A substantial uncertainty in properly representing ice clouds and consequently their climate feedbacks is characterizing their radiative properties (Stephens et al. 1990; Stackhouse and Stephens 1991; Schlimme et al. 2005; Fu 2007). The fundamental radiative properties of atmospheric ice crystals for atmospheric models are the ice extinction cross section, single-scattering albedo, and the first moment of the scattering phase function, commonly referred to as the asymmetry parameter (Coakley and Chylek 1975; Fu 1996; Yang et al. 2000; Fu 2007). An increasing number of parameterizations for these optical properties of ice clouds are available. Such parameterizations generally relate the optical properties in selected wavelength bands in terms of predicted or imposed bulk characteristics of the ice, such as effective size, shape, and ice water content (e.g., Fu and Liou 1993; Fu 1996; Wyser and Yang 1998; Kristjánsson et al. 1999; Yang et al. 2000; McFarquhar et al. 2002; Key et al. 2002; Edwards et al. 2007; Xie et al. 2012), sometimes in combination with atmospheric conditions, such as temperature and ice supersaturation (Kristjánsson et al. 2000; Baran 2012). Although ice crystals are found with a virtually countless variation of shapes (Baran 2009), the extinction cross section and single-scattering albedo of randomly oriented individual ice crystals mainly depend on their projected areas and volumes, while the asymmetry parameter is shown to be determined mainly by the aspect ratios (defined throughout as the ratio of hexagonal prism height to width) of the ice crystal hexagonal components and their microscale surface roughness or crystal distortion (Iaquinta et al. 1995; Macke et al. 1996; Fu 2007; Yang and Fu 2009; Baran 2009; van Diedenhoven et al. 2012a).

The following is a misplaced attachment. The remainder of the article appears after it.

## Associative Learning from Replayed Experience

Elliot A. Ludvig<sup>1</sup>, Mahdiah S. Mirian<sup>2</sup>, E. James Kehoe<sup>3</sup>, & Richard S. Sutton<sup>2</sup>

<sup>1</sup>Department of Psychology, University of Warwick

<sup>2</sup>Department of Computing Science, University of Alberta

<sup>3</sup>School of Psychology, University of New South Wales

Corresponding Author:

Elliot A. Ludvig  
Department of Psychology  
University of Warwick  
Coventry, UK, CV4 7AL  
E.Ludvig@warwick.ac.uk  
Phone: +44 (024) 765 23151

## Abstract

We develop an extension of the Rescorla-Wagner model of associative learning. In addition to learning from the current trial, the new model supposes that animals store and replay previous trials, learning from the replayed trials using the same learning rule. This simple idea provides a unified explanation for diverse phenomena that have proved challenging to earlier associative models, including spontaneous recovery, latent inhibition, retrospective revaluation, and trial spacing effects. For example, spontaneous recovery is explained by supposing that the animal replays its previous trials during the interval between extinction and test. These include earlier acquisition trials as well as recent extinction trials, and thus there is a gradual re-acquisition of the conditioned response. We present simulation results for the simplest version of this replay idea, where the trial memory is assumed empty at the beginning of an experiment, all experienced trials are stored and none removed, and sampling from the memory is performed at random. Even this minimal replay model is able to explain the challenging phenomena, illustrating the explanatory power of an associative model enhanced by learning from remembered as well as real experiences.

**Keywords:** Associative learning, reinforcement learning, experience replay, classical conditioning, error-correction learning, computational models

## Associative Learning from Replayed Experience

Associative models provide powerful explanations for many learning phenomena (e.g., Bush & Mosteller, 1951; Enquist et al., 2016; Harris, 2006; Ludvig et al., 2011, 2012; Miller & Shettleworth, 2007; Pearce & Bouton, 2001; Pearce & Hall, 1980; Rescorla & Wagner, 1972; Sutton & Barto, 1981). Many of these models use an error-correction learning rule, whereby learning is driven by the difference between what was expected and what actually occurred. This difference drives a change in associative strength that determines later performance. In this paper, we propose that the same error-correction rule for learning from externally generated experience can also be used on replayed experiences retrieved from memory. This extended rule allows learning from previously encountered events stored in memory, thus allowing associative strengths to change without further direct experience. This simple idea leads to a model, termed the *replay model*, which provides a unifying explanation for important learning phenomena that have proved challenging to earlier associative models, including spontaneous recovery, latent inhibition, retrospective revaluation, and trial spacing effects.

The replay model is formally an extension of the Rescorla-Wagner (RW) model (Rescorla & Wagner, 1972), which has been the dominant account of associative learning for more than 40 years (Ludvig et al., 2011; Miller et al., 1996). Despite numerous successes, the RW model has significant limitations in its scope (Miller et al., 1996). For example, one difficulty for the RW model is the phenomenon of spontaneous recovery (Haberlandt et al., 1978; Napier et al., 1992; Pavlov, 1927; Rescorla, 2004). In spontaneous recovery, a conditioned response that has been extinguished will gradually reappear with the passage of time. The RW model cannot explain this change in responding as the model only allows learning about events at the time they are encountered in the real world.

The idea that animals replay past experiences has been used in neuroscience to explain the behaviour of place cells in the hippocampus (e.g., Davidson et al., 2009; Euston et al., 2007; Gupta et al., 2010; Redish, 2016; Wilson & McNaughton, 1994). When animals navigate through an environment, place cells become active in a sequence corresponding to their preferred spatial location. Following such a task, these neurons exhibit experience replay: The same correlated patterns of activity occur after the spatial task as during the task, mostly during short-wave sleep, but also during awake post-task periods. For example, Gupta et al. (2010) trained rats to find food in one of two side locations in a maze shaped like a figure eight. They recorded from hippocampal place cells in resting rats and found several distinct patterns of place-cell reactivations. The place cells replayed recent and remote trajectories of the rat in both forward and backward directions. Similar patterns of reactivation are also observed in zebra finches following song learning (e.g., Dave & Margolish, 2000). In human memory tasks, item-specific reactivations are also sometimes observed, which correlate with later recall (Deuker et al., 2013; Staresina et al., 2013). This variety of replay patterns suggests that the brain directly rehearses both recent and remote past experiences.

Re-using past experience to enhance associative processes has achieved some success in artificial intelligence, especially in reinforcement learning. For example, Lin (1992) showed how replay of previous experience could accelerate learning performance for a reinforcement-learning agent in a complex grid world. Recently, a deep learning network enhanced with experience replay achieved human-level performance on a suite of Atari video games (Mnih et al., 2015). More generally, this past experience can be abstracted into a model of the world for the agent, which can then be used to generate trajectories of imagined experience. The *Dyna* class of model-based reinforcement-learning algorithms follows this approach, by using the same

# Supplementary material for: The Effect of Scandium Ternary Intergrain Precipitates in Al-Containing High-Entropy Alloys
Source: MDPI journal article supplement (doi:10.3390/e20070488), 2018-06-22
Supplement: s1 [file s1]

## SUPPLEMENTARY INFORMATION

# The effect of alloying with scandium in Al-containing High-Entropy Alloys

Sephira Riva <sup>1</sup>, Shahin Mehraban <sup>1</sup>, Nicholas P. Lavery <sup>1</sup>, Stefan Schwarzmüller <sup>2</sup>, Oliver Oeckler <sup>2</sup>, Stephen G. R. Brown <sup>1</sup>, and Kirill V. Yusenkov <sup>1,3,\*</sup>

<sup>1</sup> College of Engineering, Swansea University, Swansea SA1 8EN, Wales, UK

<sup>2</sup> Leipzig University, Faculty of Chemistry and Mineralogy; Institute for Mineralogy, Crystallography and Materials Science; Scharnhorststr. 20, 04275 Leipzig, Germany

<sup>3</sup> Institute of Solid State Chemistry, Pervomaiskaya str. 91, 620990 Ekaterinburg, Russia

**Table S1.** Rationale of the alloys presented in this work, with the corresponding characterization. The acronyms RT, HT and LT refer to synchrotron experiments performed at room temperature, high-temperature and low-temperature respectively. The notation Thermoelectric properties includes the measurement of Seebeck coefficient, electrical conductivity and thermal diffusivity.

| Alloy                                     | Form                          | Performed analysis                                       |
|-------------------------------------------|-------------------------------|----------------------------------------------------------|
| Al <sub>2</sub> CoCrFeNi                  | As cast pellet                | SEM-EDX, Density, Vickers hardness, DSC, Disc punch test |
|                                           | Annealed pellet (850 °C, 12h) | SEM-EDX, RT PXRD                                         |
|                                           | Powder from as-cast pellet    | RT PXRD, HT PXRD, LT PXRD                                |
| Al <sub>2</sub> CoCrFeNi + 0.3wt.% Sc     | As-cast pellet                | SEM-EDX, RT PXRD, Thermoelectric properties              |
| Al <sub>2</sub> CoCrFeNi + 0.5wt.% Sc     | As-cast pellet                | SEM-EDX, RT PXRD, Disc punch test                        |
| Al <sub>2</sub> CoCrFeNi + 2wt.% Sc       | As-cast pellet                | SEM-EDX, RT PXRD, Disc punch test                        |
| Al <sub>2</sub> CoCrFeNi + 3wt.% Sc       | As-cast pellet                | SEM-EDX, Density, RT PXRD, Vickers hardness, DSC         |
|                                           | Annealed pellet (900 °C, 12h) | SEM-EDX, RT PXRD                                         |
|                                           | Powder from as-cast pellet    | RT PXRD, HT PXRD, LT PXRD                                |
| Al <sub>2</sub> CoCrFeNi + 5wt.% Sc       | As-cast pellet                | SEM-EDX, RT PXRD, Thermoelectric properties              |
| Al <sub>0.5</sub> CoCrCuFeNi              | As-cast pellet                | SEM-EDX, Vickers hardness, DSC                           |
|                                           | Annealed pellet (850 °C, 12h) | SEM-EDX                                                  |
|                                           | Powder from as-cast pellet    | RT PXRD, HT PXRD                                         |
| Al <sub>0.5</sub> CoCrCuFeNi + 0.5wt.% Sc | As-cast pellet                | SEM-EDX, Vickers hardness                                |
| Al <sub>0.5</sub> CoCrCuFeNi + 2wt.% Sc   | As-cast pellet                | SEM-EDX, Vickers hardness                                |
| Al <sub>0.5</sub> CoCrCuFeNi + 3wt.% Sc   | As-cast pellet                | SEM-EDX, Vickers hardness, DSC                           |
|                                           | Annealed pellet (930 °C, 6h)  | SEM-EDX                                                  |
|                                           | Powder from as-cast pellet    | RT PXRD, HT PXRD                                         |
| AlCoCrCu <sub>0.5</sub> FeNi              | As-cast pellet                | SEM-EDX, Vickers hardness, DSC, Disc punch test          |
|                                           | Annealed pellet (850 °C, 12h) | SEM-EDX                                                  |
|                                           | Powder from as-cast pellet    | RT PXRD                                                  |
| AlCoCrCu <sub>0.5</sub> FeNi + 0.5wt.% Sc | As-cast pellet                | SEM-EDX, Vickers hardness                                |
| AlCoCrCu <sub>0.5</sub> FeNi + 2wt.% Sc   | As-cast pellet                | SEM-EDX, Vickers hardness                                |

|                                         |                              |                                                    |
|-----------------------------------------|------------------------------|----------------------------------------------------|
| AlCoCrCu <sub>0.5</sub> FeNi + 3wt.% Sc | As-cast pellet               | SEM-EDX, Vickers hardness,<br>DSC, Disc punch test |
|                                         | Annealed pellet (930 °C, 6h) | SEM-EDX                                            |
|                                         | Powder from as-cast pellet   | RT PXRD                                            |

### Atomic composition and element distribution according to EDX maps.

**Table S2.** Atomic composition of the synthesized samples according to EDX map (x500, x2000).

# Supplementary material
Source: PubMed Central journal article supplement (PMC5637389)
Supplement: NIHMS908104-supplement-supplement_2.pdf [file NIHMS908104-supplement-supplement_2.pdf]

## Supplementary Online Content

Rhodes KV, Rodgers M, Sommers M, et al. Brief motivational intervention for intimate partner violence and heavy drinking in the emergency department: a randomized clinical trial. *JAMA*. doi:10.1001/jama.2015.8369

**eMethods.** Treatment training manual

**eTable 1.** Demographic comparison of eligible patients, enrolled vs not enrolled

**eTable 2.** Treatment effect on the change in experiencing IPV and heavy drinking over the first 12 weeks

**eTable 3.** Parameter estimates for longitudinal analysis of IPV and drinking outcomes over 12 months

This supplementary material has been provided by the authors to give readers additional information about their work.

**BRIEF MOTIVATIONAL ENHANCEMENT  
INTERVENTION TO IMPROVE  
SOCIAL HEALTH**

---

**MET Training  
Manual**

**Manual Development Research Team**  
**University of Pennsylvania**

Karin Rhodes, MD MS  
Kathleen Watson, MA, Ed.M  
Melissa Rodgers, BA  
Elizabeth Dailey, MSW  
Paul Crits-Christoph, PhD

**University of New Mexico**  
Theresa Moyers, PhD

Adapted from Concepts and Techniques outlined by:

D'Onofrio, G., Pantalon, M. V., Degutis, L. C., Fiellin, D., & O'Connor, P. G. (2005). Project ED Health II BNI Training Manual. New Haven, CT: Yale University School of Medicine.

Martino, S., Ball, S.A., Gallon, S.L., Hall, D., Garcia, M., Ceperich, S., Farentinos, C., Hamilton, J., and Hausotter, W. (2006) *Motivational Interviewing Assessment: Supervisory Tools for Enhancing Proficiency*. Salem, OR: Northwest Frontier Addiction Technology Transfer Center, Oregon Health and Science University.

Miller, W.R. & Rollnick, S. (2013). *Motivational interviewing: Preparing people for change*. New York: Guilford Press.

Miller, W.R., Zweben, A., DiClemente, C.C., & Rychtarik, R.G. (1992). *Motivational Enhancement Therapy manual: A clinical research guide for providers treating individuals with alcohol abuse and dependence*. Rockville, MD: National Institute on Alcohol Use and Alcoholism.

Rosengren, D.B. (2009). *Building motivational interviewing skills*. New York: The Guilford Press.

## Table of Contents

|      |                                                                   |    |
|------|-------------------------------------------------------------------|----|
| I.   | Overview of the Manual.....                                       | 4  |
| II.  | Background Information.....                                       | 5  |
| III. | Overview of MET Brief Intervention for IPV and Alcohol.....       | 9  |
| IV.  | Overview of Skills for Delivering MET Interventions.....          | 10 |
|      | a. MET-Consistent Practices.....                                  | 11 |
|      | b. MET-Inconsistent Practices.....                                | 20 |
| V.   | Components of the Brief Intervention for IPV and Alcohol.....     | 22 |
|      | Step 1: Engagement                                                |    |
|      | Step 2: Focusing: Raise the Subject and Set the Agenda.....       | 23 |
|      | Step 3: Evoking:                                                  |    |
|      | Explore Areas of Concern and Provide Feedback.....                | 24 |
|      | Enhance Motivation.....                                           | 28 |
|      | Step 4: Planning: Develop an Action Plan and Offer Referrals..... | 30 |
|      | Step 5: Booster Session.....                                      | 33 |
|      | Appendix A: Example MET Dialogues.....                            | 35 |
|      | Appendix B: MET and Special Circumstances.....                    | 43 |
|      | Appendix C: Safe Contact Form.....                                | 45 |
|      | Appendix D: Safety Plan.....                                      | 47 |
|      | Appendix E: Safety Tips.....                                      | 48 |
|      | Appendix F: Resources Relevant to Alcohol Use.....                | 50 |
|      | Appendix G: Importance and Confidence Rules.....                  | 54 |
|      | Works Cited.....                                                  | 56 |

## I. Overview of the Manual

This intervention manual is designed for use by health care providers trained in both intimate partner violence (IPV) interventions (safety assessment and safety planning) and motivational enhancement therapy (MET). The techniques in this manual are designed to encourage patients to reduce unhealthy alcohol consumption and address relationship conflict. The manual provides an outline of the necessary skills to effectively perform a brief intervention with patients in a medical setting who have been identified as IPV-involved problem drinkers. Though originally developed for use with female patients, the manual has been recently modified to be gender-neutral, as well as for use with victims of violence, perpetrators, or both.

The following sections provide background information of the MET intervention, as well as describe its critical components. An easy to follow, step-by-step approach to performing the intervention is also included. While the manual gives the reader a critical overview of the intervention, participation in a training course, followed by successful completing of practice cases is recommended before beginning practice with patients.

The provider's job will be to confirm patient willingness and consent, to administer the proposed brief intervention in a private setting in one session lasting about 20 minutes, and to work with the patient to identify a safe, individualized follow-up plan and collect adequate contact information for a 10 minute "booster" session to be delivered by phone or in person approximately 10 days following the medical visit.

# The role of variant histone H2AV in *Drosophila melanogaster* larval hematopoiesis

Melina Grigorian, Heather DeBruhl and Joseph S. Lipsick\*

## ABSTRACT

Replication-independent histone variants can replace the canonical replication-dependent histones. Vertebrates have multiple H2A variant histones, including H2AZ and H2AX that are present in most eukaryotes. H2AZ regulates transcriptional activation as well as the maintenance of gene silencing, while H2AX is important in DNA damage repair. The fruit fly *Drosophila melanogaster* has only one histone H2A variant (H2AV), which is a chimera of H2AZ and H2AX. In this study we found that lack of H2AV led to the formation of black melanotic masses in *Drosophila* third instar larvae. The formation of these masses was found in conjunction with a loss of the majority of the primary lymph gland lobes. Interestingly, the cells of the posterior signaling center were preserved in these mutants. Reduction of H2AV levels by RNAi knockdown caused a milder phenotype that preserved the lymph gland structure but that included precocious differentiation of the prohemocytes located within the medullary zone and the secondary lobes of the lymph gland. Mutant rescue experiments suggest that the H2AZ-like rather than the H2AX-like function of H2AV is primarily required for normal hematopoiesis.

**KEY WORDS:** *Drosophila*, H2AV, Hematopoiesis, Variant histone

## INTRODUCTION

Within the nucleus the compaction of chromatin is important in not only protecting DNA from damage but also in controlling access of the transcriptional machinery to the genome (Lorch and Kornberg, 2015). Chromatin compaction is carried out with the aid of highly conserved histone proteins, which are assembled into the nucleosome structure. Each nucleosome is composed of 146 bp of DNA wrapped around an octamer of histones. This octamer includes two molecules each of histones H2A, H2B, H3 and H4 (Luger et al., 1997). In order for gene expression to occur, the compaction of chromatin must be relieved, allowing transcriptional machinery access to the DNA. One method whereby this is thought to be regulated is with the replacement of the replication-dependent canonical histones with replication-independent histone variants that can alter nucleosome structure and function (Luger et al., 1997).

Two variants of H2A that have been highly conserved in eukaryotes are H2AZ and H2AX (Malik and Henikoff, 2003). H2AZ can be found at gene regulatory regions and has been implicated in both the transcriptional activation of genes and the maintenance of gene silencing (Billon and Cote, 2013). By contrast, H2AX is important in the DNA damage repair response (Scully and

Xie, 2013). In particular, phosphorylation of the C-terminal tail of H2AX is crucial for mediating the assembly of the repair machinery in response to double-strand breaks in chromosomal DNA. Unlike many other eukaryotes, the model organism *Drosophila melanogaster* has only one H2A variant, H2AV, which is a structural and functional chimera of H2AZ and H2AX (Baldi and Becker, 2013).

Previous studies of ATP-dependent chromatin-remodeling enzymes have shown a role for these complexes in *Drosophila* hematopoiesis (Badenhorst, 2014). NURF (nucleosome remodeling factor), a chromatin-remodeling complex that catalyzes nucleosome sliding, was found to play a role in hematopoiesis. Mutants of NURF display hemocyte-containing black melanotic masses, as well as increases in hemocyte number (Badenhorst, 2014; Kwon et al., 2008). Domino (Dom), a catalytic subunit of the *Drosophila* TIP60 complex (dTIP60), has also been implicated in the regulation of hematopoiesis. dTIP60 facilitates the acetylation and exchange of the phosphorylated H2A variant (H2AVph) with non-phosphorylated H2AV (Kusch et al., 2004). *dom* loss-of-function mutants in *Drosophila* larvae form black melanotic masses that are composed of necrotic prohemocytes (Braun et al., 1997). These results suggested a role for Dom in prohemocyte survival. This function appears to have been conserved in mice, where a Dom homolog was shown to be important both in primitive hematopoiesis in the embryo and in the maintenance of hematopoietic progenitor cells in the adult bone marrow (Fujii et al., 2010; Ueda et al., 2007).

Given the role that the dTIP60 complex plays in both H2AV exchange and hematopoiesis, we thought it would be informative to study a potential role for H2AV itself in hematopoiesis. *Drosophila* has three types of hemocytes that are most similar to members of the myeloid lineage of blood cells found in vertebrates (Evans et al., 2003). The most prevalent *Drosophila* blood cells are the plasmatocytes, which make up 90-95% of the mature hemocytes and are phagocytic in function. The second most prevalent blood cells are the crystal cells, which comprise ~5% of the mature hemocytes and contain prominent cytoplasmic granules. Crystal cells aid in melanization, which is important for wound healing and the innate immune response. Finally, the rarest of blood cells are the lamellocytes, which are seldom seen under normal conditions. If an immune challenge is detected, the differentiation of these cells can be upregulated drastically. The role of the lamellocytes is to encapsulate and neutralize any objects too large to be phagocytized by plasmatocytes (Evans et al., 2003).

Parallel to advances in understanding ice optical properties are efforts to improve ice microphysics modeling schemes. Some of these schemes are becoming increasingly complex and calculate or parameterize ice fall speeds and capacitances (an electrostatic analog used to compute ice deposition and sublimation rates) in terms of ice mass, projected area, and aspect ratio (Böhm 1989, 1992; Heymsfield and Iaquinta 2000; Wood et al. 2001; Westbrook 2008; Westbrook et al. 2008; Sulia and Harrington 2011; van Diedenhoven et al. 2012b). Since mass m can be related to bulk ice volume V via V = m/ρi, where ρi is the density of bulk ice, the ice characteristics determining fall speeds and capacitances are largely the same as those determining ice optical properties. Only crystal distortion does not affect fall speeds and capacitances substantially while being important for ice crystal optical properties. Self-consistency within a model dictates that the same ice volume, area, and aspect ratio used in an ice microphysics scheme should also be used in a model’s radiative transfer scheme (Mitchell et al. 2008; Baran 2012). However, there is at present a lack of optical property parameterizations flexible enough to accommodate all possible combinations of ice volume, area, aspect ratio, and crystal distortion. Furthermore, optical properties parameterizations are usually given for a predetermined set of wavelength bands, which are not necessarily the same as those used in a model’s radiative transfer calculations. Finally, most current optical property schemes require many and large tables to be read by the radiative transfer algorithm.